This Is Why Trump Supporters Want ‘Julius Caesar’ to Die Horribly
The Public Theater’s Central Park production of ‘Julius Caesar’ features a Trump-like Caesar whose gruesome onstage death has led to right-wing outrage and sponsors’ withdrawal.
Right-wing commentators have a new enemy this week—they don’t like Shakespeare. Or at least the Public Theater's version of his classic Julius Caesar that’s now at the Delacorte Theater in New York and makes unmistakable parallels between Caesar and Donald Trump.
For most of this very up-to-date production, Caesar wears a dark suit and long red tie, he has a familiar hairdo and blustery style. The first time we see him, he grabs at his wife’s crotch, dashes into the audience to shake hands, and calls out to the press. He is the constant campaigner with almost inexplicable charisma.
If you don’t quite remember your high school Shakespeare, Caesar is hailed as a hero by the people of Rome, but he is ambitious and wants more power. A group of honorable men led by Cassius worry that he is a threat to democracy and must be removed.
And remove him they do—in the bloodiest fashion.
And so, on the day of the Tony Awards, another theatrical event made even bigger news: the bloody dispatch of a Caesar who looks very much like President Trump in the Public's open-air production in Central Park.
To the upset of many working in the arts, Delta Air Lines and the Bank of America have pulled sponsorship from the Public, and on Monday American Express was sufficiently stirred to insist, via Twitter, that they were not funding the production, "nor do we condone the interpretation of the Julius Caesar play."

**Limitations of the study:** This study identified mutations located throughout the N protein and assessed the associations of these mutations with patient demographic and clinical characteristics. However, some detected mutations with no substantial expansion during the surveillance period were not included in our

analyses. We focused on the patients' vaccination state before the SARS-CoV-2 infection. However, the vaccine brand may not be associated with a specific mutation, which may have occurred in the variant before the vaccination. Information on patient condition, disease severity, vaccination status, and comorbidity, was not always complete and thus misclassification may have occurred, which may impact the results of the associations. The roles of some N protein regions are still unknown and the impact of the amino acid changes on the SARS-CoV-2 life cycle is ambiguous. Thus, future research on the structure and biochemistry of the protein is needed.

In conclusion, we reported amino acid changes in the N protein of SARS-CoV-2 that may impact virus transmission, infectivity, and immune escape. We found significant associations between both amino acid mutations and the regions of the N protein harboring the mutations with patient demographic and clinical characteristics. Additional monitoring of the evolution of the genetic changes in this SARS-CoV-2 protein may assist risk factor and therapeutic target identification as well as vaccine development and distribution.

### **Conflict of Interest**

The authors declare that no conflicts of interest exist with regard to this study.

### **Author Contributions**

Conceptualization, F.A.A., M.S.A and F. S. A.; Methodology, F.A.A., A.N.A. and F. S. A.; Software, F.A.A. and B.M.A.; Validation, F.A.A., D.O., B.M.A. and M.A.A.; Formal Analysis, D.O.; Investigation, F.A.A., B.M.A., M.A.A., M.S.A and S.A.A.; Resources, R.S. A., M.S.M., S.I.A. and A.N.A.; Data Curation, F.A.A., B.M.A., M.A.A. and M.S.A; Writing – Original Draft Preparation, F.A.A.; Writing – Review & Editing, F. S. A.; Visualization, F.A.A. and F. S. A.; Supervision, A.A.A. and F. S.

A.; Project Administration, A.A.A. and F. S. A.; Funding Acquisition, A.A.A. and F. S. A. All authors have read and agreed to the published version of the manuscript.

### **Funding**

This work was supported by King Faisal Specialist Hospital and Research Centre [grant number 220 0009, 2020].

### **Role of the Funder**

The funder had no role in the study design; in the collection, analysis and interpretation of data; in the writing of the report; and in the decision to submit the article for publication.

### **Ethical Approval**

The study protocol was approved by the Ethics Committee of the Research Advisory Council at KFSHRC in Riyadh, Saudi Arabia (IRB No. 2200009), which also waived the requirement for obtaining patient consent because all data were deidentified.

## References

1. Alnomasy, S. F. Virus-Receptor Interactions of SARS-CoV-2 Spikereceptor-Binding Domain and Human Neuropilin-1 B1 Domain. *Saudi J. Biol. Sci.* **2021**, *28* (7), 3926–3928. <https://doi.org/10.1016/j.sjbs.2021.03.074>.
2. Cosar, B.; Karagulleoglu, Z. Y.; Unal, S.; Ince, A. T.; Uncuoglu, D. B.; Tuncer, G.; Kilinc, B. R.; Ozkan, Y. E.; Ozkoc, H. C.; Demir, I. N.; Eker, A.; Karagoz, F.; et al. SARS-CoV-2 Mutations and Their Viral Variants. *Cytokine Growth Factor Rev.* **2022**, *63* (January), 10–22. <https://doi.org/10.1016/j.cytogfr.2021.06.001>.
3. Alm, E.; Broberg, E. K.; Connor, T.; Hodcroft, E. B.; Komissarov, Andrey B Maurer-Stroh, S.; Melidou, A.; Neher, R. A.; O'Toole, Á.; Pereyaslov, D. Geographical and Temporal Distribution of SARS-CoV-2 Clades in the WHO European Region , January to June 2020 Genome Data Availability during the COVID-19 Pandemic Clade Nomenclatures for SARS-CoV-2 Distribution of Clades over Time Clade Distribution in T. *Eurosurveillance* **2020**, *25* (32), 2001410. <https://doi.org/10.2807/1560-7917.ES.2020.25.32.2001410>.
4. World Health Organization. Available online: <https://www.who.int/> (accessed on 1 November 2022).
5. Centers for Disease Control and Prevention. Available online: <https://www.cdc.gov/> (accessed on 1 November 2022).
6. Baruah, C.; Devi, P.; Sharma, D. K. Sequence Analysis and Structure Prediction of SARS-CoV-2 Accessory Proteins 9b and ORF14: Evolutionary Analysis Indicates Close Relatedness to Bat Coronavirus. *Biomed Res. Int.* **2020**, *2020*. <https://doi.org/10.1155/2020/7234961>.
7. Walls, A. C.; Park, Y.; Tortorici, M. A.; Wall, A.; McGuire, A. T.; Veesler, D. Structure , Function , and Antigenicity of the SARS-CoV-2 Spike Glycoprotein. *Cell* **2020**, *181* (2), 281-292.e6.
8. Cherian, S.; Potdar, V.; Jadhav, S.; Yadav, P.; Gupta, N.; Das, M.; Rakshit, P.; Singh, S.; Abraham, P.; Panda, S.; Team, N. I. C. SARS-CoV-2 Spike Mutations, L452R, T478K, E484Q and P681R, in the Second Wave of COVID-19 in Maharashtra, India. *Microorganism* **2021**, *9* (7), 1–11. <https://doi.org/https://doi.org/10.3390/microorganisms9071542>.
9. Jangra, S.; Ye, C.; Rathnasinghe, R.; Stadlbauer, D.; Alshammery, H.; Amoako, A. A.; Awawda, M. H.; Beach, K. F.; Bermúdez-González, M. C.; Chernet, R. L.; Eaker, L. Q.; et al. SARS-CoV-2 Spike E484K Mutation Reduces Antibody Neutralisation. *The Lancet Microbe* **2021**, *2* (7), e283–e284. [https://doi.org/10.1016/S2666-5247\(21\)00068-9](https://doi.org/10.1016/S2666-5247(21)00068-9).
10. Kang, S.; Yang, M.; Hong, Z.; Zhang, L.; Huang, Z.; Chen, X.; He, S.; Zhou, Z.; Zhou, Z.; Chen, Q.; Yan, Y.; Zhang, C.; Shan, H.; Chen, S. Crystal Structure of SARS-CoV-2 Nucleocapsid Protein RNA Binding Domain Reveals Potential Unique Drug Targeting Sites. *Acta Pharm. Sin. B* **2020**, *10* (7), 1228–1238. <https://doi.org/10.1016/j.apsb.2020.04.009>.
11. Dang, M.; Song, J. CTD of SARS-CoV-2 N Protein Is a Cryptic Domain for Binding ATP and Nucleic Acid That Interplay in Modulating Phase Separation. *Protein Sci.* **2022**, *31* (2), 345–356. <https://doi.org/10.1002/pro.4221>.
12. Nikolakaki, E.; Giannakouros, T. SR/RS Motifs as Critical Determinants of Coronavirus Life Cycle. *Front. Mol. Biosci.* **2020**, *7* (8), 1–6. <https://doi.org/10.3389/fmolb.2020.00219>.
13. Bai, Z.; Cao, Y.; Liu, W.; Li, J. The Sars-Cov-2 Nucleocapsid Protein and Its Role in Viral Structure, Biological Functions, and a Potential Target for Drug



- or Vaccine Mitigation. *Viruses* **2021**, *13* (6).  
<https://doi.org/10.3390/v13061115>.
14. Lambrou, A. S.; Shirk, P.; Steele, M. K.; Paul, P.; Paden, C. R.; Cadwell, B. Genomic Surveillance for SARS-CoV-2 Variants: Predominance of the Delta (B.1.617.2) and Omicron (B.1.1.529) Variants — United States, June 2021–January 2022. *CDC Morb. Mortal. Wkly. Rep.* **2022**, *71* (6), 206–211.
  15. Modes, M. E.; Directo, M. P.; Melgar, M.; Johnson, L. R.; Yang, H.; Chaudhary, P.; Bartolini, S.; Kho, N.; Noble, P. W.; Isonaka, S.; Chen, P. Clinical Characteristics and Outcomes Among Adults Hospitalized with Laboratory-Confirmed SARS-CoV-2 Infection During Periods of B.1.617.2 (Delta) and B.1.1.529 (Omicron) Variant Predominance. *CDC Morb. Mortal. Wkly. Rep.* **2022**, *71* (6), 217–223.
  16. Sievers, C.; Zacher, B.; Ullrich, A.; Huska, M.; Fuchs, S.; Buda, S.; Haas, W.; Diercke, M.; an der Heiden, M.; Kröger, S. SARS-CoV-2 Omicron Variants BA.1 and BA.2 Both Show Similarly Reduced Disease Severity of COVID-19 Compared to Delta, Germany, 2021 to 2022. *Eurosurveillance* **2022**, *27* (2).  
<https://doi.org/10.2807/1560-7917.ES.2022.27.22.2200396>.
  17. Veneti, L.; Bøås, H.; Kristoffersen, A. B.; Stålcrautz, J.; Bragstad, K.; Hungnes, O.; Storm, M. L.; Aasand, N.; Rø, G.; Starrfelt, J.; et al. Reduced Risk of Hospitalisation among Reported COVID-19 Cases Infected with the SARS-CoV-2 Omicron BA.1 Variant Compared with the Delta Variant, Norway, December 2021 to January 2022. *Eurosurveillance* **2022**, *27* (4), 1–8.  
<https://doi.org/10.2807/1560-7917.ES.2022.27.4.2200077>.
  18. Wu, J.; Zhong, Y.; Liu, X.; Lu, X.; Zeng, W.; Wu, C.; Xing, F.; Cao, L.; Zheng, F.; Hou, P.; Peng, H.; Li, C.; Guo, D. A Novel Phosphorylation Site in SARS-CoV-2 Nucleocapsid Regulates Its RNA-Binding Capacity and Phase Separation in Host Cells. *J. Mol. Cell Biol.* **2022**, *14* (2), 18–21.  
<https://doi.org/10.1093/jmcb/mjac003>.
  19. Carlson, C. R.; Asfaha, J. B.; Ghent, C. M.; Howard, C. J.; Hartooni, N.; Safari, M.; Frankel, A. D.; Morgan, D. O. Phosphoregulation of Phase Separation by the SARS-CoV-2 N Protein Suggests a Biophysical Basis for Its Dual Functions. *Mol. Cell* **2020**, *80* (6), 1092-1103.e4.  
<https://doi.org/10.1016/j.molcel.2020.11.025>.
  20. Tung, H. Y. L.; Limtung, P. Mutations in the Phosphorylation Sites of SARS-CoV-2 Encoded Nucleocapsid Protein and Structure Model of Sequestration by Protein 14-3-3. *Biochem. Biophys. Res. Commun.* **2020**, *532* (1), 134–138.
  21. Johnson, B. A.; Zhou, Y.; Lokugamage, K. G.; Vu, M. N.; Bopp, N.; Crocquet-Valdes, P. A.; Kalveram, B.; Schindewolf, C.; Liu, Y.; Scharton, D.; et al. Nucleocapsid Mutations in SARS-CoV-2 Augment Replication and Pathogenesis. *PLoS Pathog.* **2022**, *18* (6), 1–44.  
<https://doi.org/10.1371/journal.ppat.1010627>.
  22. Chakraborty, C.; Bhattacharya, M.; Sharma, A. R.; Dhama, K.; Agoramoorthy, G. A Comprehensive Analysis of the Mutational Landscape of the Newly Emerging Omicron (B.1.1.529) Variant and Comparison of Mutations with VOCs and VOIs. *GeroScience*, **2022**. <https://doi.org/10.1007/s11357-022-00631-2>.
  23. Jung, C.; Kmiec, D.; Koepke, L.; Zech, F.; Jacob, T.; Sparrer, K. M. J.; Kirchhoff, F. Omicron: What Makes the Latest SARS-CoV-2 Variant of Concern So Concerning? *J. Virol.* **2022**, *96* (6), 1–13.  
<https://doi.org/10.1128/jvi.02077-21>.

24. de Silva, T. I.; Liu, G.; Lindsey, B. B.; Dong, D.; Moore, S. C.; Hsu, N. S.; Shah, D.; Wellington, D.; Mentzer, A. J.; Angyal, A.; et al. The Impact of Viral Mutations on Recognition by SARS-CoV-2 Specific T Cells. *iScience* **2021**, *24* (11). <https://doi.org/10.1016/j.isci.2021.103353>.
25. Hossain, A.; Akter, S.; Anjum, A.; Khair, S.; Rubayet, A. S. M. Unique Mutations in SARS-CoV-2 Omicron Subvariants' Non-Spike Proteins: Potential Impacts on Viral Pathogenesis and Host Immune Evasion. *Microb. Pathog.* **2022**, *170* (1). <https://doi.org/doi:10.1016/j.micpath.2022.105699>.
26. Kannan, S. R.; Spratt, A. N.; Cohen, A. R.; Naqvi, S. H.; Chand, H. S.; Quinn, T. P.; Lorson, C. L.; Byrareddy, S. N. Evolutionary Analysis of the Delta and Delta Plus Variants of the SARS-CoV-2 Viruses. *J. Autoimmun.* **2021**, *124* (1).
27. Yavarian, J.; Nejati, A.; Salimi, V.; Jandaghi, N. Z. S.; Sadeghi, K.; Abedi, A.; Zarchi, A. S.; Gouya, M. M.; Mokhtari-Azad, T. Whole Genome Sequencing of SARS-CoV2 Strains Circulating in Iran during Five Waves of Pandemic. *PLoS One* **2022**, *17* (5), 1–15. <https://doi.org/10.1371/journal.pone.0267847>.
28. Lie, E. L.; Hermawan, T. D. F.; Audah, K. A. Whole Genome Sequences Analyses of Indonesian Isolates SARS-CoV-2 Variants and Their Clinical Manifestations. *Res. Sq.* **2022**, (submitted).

The sponsors' actions appeared to be in response to outrage stirred by the likes of Breitbart News, which blared the headline: “ ‘Trump’ Stabbed to Death in Central Park Performance…” FOX News found people waiting for tickets who worried about “violent rhetoric towards our President.” Trump supporters took to Twitter and started attacking the corporate sponsors of the Public Theater, where show director Oskar Eustis is artistic director.
Rather than standing up for Shakespeare and artistic freedom, Delta Airlines was the first to go public, issuing a strongly statement making clear it was ending its overall sponsorship of the Public. Bank of America followed by pulling its funding of the production.
"No matter what your political stance may be, the graphic staging of Julius Caesar at this summer's Free Shakespeare in the Park does not reflect Delta Air Lines’ values," a Delta Airlines statement, sent to the Daily Beast read. "Their artistic and creative direction crossed the line on the standards of good taste. We have notified them of our decision to end our sponsorship as the official airline of The Public Theater effective immediately."
Delta Air Lines declined to answer further questions from the Daily Beast, while in a statement released Monday afternoon, the Public Theater robustly stated its support for the production.
“We stand completely behind our production of Julius Caesar,” the statement read. “We recognize that our interpretation of the play has provoked heated discussion; audiences, sponsors and supporters have expressed varying viewpoints and opinions. Such discussion is exactly the goal of our civically-engaged theater; this discourse is the basis of a healthy democracy.
“Our production of Julius Caesar in no way advocates violence towards anyone. Shakespeare's play, and our production, make the opposite point: those who attempt to defend democracy by undemocratic means pay a terrible price and destroy the very thing they are fighting to save. For over 400 years, Shakespeare’s play has told this story and we are proud to be telling it again in Central Park.”